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Kai Ryssdal: Timothy Geithner made a decision over the weekend that could have some far-reaching consequences. The Treasury Secretary said he’s going to wait a while before he announces whether or not he thinks China is officially manipulating its currency.
From Washington, Marketplace’s Nancy Marshall Genzer has more.
NANCY MARSHALL GENZER: China’s critics say it’s manipulating its currency to make Chinese exports cheaper. The White House was due to issue a currency report on April 15th. But then China’s president agreed to attend a security summit April 12th. The Obama administration needs China’s help to limit nuclear proliferation.
CLYDE PRESTOWITZ: So they don’t want to antagonize and alienate China. So they’d rather make some kind of an arrangement.
That’s Clyde Prestowitz. He heads the Economic Strategy Institute. He thinks the U.S.-China arrangement could go like this: The two countries keep talking for three months. Then China announces it’ll allow its currency, the yuan, to inch up in value.
PRESTOWITZ: So it wouldn’t look like they’re knuckling under to the White House.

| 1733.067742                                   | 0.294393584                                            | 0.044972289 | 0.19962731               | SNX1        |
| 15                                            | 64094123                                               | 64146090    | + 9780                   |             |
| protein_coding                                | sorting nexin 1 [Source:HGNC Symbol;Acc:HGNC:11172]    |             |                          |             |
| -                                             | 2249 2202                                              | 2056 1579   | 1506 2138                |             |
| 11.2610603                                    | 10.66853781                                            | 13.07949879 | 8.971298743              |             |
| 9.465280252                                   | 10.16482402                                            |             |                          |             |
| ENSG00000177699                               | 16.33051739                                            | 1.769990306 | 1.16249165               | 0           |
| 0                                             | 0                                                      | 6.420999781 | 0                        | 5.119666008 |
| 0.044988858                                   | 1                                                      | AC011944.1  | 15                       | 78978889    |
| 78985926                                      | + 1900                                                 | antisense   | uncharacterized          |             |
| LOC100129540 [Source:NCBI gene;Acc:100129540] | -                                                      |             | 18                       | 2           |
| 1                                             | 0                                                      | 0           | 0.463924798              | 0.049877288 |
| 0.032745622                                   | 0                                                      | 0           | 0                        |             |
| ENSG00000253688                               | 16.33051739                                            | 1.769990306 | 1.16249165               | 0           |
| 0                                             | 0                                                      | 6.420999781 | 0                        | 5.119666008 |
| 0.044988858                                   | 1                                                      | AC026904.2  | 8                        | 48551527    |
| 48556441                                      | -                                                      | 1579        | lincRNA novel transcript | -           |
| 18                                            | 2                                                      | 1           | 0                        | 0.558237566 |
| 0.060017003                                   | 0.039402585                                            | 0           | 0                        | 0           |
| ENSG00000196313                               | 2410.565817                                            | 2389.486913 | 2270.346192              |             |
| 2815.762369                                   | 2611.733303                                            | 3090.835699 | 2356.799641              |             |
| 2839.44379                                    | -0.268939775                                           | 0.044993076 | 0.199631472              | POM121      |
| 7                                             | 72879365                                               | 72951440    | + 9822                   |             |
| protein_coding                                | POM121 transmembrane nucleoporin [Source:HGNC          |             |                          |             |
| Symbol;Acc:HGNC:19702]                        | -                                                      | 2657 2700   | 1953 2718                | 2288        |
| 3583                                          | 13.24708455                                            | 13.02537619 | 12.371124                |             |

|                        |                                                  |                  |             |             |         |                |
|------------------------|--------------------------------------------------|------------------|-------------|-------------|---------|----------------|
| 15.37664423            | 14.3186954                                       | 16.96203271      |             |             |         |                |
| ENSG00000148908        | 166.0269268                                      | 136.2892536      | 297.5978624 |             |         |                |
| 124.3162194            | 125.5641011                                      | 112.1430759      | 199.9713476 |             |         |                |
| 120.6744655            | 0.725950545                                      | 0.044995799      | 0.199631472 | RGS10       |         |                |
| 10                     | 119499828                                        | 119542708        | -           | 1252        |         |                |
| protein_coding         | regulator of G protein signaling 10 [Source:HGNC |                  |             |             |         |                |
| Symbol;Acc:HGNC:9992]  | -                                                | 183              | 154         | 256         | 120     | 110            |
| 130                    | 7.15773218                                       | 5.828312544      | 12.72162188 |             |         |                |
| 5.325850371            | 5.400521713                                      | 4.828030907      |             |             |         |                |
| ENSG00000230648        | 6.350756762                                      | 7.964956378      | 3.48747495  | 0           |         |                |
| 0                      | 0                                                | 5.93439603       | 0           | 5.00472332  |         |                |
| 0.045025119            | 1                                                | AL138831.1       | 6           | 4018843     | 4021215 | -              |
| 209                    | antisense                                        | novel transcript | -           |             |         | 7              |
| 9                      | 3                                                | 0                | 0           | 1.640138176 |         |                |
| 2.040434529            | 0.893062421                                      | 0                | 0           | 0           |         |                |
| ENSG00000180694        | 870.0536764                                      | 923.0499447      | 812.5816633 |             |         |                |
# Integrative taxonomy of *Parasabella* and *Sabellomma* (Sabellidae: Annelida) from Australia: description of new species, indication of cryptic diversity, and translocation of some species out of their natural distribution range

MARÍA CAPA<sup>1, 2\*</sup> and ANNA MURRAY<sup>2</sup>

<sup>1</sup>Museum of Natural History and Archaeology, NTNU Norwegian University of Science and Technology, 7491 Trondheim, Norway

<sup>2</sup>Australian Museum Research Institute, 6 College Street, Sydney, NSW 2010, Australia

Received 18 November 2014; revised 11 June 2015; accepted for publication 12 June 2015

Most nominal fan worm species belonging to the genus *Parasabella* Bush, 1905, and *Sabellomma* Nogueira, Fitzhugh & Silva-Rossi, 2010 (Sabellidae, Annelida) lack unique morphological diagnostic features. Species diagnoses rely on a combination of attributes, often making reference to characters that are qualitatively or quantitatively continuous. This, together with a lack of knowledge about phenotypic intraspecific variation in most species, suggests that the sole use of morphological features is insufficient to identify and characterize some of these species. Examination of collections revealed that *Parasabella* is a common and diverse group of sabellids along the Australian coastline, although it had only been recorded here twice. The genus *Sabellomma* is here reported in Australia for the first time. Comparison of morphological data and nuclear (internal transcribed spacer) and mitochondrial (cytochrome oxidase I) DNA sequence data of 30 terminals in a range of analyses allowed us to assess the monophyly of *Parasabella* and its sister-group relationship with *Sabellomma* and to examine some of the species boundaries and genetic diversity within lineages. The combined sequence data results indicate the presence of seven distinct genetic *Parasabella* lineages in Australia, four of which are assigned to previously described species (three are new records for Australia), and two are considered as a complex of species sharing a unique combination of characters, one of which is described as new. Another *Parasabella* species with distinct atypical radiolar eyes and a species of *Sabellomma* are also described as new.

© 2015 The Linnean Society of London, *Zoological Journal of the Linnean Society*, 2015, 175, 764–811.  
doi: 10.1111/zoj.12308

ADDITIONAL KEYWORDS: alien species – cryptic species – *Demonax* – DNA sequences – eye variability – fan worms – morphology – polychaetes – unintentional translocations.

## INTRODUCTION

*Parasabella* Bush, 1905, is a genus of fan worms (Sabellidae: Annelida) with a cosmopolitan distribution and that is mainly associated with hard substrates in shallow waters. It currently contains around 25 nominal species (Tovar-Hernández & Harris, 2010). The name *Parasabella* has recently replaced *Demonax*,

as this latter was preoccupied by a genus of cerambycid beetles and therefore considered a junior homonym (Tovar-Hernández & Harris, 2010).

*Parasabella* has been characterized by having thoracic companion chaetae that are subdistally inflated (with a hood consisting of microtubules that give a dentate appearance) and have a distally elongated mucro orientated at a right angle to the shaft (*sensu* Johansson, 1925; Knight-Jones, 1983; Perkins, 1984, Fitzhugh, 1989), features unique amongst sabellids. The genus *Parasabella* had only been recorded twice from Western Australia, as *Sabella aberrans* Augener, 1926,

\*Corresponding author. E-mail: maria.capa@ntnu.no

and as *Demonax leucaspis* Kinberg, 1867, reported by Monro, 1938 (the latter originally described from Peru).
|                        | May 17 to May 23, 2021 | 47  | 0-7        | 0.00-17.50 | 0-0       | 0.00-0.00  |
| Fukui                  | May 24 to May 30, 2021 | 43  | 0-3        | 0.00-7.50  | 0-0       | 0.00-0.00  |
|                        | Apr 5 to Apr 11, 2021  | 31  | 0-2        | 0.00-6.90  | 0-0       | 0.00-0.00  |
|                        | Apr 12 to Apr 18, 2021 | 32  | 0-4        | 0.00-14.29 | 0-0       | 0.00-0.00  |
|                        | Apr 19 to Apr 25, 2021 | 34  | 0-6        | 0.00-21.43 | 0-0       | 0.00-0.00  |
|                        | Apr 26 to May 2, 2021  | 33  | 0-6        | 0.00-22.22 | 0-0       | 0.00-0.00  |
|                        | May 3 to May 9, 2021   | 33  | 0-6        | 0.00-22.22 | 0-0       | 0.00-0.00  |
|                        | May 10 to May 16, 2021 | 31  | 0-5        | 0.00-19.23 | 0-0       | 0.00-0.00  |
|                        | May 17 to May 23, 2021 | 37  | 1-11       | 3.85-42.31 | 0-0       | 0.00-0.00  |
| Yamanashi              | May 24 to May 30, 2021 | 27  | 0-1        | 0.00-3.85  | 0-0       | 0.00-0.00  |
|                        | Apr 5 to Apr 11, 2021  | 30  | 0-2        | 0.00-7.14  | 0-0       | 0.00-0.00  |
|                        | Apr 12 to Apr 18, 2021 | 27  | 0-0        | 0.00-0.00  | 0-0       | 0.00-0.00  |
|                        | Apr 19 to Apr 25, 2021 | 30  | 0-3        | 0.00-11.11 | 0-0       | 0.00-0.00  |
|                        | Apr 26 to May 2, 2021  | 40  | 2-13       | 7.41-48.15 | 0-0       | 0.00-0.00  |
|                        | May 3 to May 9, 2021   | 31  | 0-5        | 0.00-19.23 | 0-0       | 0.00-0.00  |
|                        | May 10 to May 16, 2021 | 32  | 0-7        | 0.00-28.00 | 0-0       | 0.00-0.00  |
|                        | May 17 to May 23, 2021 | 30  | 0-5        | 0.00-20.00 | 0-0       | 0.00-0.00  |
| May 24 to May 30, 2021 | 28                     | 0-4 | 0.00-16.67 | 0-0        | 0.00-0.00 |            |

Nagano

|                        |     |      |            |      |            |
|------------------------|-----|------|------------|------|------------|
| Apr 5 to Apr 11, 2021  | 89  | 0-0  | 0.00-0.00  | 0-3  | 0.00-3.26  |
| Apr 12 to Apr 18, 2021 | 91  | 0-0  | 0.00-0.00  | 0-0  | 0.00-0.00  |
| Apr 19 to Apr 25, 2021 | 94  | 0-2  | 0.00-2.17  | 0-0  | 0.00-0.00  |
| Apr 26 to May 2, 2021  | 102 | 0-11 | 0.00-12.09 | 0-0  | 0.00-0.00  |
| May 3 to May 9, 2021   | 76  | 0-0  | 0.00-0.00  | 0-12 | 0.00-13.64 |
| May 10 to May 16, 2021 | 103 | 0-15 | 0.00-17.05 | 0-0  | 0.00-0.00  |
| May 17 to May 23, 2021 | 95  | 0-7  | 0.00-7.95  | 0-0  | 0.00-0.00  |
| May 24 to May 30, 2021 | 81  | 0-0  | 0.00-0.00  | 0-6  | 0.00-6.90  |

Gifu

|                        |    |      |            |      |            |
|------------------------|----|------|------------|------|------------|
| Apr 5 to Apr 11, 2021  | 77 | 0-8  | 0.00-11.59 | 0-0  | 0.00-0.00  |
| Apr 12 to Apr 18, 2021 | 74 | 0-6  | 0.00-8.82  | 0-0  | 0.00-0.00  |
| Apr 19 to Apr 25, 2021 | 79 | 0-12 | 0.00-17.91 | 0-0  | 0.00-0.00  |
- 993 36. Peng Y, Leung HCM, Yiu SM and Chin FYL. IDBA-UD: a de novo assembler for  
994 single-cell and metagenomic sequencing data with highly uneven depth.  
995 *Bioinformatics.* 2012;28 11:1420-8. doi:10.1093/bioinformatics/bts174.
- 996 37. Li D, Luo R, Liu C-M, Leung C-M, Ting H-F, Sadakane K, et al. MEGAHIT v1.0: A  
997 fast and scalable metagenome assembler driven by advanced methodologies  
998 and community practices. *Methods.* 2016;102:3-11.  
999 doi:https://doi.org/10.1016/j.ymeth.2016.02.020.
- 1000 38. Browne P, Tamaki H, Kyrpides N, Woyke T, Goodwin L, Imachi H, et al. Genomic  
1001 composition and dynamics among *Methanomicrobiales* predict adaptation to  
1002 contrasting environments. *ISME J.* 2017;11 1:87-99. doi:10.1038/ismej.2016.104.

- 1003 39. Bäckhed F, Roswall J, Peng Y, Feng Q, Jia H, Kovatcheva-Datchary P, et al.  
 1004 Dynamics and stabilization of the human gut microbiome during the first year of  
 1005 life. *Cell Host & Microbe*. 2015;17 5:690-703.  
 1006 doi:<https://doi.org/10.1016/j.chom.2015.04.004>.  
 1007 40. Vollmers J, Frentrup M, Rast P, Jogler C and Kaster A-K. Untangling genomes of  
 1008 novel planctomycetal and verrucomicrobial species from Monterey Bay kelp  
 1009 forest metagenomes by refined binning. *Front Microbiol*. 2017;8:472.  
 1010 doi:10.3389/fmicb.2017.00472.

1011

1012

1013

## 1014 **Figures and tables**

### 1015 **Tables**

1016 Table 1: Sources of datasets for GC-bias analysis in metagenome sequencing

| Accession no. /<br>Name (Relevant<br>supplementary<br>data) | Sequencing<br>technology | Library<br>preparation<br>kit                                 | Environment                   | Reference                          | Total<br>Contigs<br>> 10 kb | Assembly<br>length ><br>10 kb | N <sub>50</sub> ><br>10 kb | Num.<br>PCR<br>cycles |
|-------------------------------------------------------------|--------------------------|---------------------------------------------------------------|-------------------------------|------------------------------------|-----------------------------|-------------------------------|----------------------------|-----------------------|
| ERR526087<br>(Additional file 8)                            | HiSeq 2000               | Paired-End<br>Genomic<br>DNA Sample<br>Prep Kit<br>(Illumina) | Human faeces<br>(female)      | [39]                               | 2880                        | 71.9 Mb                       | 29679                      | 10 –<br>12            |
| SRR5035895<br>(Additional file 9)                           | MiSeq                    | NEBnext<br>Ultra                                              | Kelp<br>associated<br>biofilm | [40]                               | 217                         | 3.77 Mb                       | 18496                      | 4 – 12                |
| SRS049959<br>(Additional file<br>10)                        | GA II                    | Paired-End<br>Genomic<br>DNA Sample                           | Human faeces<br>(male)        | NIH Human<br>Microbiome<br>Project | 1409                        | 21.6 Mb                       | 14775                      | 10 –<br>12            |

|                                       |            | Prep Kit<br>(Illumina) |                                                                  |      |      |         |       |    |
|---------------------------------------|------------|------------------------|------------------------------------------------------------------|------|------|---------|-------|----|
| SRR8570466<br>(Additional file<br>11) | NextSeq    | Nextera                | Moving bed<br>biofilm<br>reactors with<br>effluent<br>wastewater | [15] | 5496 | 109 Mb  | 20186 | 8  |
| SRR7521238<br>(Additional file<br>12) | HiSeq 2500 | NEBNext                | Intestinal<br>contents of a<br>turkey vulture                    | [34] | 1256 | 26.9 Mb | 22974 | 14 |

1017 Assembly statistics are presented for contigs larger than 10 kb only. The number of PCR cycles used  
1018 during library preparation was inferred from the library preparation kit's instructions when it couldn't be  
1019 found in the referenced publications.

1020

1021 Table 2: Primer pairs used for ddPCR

And the White House can say it’s boosting U.S. exports. Nicholas Lardy is at the Peterson Institute for International Economics. He says a rise in the yuan would help U.S. exporters of things like machinery and steel pipes.
NICHOLAS LARDY: If the prices of Chinese goods go up 5 percent and the price of U.S. goods goes down 5 percent then for some products that will make a difference.
And it’s a win for China too.
John Frisbie is president of the U.S.-China Business Council. He says right now China has to use lots of yuan to buy commodities like oil, which are priced in dollars.
JOHN FRISBIE: If their currency strengthens they’d pay less in their own currency for those products, and it would help their inflation.
And tame inflation would help China avoid social unrest, one of Beijing’s biggest fears about letting its currency rise.
In Washington, I’m Nancy Marshall Genzer for Marketplace.
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